Literature Study GuidesJoseph AndrewsBook 3 Chapters 7 9 Summary

Joseph Andrews | Study Guide

Henry Fielding

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Joseph Andrews | Book 3, Chapters 7–9 | Summary

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Summary

Book 3, Chapter 7

The squire attempts to get Fanny Goodwill to sit at his table, but she refuses, and Parson Adams insists the couple eat in the kitchen. The narrator provides a character sketch of the 40-year-old country gentleman of considerable fortune, who has been spoiled from an early age by his mother and tutor and is altogether a vicious character. He amuses himself with hunting and riding and surrounds himself with a group of "curs," misfits whose job it is to make other people look ridiculous. These fellows did "no great honor to the canine kind." During dinner they begin playing practical jokes on Parson Adams, which become progressively crueler and culminate in dunking him in a tub of water. At the last, Adams finally realizes he is being ridiculed. He gets some revenge by dunking the squire a few times before leaping from the tub. The parson collects Joseph and Fanny and quickly leaves.

Book 3, Chapter 8

The squire had planned to get Joseph Andrews and Parson Adams drunk so that he could rape Fanny Goodwill. He is furious about their escape and sends some of his curs out to retrieve Fanny. The escaped trio stops at an inn to rest and eat because Adams thinks he still has the gold coin in his pocket from Mrs. Wilson, which she had kindly slipped into their packed lunch.

A traveler who is a Roman Catholic priest in disguise opens a conversation with Adams and delivers a sermon on the uselessness of riches, to which Parson Adams heartily agrees. The traveler now asks Adams to pay his bill, and the parson is glad to oblige, except he finds his pocket is empty since one of the curs at their last stop has robbed him.

Book 3, Chapter 9

The parson doesn't consider the problem of paying, which he will face in the morning, and retires to bed. Close to morning, three of the squire's curs—whom the narrator identifies as the captain, the poet, and the player—knock on the door of the inn, claiming that Fanny Goodwill has been abducted by Joseph Andrews and Parson Adams. The ruffians come upstairs with three servants. Joseph and Adams put up a good fight to defend Fanny, but they are two against six, and Joseph is knocked unconscious. Fanny is dragged out, crying and tearing her hair, and the servants tie up Joseph and the parson.

Analysis

These chapters are painful reading by any account, in which Parson Adams is tormented and then humiliated by an unruly group of men. After Adams's party makes a getaway, they come back to the inn to abduct Fanny Goodwill so their leader can rape her. The narrator has pointed out earlier that he wishes to write a universal story, with characters taken from life—archetypes that can be found in any time and place. The narrator says the squire took delight in "everything ... ridiculous, odious, and absurd in his own species" and looked for ways to force people into a situation in which they appeared absurd. The squire's yes-men have the job of "turn[ing] even virtue and wisdom themselves into ridicule, for the diversion of their master and feeder."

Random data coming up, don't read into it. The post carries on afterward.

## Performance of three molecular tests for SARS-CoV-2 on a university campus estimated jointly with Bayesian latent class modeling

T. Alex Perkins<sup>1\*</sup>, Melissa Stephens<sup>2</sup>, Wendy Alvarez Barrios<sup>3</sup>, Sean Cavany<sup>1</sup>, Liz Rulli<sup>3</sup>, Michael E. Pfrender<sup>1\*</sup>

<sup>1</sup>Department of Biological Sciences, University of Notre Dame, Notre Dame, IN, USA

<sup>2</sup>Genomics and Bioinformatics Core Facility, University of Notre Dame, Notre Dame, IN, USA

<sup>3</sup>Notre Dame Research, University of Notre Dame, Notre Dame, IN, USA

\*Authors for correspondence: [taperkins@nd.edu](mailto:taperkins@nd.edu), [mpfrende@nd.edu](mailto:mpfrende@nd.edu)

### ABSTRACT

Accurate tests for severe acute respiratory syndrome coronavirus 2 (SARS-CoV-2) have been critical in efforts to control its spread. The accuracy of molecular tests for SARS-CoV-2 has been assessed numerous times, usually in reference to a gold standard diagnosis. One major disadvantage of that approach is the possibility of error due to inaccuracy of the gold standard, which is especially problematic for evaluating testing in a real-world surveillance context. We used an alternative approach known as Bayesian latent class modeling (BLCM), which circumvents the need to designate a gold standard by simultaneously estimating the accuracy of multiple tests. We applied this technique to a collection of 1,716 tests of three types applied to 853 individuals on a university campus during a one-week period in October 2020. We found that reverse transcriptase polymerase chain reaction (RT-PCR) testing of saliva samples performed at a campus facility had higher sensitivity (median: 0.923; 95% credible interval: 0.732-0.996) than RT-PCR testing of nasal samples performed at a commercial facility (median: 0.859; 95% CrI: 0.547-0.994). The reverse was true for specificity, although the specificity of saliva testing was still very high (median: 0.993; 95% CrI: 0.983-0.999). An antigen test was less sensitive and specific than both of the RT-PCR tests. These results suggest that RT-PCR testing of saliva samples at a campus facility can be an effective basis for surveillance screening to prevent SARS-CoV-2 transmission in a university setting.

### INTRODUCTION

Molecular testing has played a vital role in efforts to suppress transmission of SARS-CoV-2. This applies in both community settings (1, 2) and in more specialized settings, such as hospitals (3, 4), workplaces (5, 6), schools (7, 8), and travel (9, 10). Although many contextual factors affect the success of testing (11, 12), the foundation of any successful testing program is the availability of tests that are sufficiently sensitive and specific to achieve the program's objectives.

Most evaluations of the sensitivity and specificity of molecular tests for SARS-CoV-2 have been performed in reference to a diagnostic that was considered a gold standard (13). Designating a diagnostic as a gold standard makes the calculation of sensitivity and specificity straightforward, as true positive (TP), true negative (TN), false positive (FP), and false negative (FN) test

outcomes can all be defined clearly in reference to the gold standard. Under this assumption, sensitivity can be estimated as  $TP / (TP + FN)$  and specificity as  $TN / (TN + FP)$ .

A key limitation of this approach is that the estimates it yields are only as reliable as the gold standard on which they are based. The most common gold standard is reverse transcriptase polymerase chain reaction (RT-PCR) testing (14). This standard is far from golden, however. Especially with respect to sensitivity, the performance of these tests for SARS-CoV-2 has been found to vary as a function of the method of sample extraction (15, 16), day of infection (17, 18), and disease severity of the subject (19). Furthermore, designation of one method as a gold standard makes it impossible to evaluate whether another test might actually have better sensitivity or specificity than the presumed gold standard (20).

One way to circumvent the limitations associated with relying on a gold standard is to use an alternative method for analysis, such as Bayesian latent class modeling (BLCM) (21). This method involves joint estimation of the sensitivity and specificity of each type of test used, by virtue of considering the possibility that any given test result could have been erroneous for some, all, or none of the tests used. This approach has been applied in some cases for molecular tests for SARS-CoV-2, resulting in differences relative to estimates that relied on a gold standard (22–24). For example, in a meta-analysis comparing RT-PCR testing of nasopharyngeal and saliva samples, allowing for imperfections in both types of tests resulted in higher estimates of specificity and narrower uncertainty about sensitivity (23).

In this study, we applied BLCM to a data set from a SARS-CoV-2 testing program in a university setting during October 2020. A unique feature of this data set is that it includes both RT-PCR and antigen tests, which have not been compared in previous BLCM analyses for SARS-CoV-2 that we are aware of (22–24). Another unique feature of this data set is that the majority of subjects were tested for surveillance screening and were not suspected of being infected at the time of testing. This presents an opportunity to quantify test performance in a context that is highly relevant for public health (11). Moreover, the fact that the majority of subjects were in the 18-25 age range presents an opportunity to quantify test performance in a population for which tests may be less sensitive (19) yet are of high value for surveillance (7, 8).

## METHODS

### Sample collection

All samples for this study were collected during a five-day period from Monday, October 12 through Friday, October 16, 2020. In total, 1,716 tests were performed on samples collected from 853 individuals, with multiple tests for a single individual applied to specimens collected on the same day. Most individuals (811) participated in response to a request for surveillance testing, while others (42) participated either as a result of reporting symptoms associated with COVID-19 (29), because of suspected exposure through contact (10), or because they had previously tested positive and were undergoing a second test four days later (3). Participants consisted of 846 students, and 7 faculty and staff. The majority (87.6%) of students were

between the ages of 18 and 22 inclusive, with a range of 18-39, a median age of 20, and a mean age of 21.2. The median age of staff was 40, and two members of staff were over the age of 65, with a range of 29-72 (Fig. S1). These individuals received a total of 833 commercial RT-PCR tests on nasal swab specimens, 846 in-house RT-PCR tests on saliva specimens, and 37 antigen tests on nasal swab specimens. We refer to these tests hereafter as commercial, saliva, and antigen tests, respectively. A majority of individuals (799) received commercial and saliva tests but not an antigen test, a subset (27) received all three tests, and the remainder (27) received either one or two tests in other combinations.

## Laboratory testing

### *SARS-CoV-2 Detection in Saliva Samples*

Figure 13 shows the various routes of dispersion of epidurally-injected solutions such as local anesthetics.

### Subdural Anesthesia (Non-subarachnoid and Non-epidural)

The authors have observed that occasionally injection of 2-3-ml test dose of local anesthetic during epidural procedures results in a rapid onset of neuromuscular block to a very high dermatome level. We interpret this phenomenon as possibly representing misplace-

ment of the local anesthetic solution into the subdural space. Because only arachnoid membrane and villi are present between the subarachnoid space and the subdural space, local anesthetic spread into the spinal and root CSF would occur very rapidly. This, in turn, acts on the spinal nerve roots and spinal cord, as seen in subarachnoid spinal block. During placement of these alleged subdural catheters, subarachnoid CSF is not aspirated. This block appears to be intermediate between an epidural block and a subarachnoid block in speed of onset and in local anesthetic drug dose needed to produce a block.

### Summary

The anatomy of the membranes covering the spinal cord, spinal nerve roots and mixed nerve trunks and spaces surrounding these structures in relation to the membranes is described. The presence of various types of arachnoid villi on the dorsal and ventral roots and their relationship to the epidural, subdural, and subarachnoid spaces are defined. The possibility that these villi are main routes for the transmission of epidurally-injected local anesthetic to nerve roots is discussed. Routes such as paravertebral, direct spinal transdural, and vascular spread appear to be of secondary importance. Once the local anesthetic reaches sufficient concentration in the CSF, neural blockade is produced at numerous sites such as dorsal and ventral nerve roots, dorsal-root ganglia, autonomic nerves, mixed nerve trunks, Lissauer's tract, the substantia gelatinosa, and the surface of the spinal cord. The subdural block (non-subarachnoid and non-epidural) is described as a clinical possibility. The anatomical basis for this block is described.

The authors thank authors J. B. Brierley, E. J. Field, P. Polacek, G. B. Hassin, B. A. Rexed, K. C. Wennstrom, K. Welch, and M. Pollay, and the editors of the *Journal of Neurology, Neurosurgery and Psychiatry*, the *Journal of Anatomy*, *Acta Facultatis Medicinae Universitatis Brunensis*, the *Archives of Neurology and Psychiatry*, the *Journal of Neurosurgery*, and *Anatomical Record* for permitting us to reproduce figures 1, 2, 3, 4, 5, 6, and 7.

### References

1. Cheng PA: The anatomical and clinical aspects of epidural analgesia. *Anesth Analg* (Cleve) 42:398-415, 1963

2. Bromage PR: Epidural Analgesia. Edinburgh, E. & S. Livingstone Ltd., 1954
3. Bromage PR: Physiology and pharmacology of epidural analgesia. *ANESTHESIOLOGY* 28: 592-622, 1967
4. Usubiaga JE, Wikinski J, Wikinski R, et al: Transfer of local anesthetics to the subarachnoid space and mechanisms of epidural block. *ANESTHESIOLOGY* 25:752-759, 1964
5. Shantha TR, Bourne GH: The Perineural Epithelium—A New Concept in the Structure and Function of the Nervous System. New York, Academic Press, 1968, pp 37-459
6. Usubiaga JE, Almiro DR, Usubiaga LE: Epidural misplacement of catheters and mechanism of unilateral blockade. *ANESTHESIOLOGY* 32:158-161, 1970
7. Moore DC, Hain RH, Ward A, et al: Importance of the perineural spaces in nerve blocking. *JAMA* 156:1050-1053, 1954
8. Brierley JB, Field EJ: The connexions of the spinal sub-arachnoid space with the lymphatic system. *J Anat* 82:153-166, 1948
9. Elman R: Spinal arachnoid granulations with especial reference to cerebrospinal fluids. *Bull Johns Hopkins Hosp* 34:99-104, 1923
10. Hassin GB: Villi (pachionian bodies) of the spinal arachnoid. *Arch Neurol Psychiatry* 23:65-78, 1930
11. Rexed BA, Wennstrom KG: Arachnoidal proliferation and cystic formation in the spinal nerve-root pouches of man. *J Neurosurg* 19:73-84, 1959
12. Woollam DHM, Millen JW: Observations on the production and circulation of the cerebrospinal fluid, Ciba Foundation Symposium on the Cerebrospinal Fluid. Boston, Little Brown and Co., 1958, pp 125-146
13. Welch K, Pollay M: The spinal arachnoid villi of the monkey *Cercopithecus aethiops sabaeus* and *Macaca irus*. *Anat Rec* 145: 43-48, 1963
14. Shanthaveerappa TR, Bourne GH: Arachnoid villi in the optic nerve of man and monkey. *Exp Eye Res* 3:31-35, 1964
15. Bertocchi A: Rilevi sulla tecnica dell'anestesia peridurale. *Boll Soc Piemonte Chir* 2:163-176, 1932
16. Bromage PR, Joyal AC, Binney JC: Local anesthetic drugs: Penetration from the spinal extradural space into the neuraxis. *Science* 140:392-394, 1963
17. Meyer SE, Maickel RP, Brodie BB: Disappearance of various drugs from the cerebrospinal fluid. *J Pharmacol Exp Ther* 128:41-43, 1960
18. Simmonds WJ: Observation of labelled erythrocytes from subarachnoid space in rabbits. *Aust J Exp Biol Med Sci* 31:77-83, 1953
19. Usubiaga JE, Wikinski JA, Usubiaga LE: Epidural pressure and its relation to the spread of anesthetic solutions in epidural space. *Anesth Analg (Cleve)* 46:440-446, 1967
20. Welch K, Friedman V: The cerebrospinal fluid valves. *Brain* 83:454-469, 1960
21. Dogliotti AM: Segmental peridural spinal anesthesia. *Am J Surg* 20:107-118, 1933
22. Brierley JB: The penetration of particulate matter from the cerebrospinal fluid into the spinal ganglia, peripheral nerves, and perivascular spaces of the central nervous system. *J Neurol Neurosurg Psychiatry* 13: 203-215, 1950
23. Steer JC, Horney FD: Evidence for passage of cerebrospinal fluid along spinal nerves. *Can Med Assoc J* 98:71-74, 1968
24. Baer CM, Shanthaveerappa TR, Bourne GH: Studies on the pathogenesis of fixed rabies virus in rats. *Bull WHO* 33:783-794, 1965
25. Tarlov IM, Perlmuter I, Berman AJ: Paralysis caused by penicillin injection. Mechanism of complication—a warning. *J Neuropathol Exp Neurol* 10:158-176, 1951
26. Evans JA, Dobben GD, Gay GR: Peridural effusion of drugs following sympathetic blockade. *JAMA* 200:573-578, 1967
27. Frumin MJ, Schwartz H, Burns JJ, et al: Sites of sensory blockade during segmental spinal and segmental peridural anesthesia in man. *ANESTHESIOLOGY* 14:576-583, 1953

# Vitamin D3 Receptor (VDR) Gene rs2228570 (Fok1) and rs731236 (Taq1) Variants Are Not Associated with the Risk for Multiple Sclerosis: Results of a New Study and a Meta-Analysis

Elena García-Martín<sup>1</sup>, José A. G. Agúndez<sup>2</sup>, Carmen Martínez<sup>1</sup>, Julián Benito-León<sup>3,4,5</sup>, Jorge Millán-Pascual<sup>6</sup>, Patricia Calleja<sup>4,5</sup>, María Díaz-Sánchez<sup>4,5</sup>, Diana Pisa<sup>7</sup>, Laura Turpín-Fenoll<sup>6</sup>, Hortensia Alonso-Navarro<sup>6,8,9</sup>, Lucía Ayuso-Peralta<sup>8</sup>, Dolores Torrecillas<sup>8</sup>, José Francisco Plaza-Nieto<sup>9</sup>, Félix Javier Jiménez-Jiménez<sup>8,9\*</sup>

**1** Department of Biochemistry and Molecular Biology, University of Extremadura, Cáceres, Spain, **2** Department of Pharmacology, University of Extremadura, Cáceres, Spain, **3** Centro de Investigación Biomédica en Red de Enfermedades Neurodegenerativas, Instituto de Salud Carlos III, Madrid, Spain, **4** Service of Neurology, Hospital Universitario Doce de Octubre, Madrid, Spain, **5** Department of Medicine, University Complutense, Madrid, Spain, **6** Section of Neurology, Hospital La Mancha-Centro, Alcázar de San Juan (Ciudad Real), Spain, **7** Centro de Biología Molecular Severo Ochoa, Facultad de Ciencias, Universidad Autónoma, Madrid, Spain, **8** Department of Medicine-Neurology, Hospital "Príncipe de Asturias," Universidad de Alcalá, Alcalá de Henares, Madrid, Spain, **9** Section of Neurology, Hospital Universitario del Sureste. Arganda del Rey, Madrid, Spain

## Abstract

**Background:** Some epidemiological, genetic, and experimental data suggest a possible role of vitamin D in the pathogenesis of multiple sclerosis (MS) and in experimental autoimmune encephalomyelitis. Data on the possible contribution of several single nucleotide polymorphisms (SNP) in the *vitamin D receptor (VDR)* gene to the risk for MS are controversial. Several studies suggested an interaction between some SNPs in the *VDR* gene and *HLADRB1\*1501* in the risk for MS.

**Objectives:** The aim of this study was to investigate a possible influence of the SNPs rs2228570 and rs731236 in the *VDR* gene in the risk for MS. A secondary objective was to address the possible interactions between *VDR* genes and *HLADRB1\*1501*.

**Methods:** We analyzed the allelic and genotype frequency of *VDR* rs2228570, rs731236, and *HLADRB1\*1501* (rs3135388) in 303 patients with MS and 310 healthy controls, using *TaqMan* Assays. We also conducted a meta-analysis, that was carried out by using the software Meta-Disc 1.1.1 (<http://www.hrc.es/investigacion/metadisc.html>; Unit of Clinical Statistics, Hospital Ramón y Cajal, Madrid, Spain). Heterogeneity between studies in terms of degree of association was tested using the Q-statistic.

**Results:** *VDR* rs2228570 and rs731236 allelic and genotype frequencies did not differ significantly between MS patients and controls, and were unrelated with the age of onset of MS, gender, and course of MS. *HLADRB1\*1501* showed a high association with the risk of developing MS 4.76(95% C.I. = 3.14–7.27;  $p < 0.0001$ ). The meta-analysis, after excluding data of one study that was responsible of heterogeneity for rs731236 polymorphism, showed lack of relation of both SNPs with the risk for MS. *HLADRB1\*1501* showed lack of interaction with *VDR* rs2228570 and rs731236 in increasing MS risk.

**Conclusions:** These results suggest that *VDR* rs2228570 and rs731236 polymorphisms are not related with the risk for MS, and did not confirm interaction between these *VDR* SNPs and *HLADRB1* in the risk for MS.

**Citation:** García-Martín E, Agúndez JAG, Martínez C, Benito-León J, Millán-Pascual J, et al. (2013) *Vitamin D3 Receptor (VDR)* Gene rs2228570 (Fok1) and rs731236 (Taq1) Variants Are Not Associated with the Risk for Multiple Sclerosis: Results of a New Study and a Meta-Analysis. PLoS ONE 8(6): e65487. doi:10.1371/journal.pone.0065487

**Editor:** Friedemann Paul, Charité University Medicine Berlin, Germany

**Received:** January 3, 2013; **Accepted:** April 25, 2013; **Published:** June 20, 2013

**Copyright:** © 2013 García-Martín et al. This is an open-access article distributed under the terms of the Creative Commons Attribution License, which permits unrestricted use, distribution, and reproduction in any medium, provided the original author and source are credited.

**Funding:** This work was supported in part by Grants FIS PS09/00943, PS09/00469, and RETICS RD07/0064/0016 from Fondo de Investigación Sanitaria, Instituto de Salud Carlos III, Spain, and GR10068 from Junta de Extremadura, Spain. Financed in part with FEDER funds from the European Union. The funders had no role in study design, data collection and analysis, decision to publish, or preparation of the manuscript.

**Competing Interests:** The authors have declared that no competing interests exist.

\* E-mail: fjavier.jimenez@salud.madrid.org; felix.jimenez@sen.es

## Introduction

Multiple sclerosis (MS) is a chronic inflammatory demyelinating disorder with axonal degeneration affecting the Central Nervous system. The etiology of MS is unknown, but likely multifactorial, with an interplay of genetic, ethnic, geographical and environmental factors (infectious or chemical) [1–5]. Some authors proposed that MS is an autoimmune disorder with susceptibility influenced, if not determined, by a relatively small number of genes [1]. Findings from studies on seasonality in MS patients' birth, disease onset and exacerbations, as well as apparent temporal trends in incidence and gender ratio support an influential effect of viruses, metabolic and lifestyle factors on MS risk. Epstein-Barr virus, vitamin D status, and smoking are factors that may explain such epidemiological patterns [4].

The men in Henry Fielding's story are shrewd, and one of them has honed his cruelty to a fine art, guessing Adams's Achilles' heel—his vanity about his learning. Thus, he engineers a prank in which the clergyman thinks he will be reenacting a Greek ceremony that requires he sit on a throne while he holds forth. This leads to his unfortunate dunking. While the reader knows Adams is to blame for falling for this trick, the reader never stops sympathizing with the parson. The narrator skillfully uses ironic language to show that it is not the parson who should be laughed at, but rather the creatures who are masquerading as human beings.

In the interlude between the time Adams and his party escape and the ruffians return for Fanny, Parson Adams speaks to a Roman Catholic priest who is traveling in disguise. Fielding is pointing out that Roman Catholics were persecuted in this era and could not practice their faith openly. The author may have put an antimaterialism speech in the mouth of a priest because Anglicans and other Protestants criticized the Roman Catholic Church for its opulence (thus, the speech could be viewed as verbal and situational irony). Or Fielding may have given the speech to a priest to show that the precepts of Christianity are the same across denominations.

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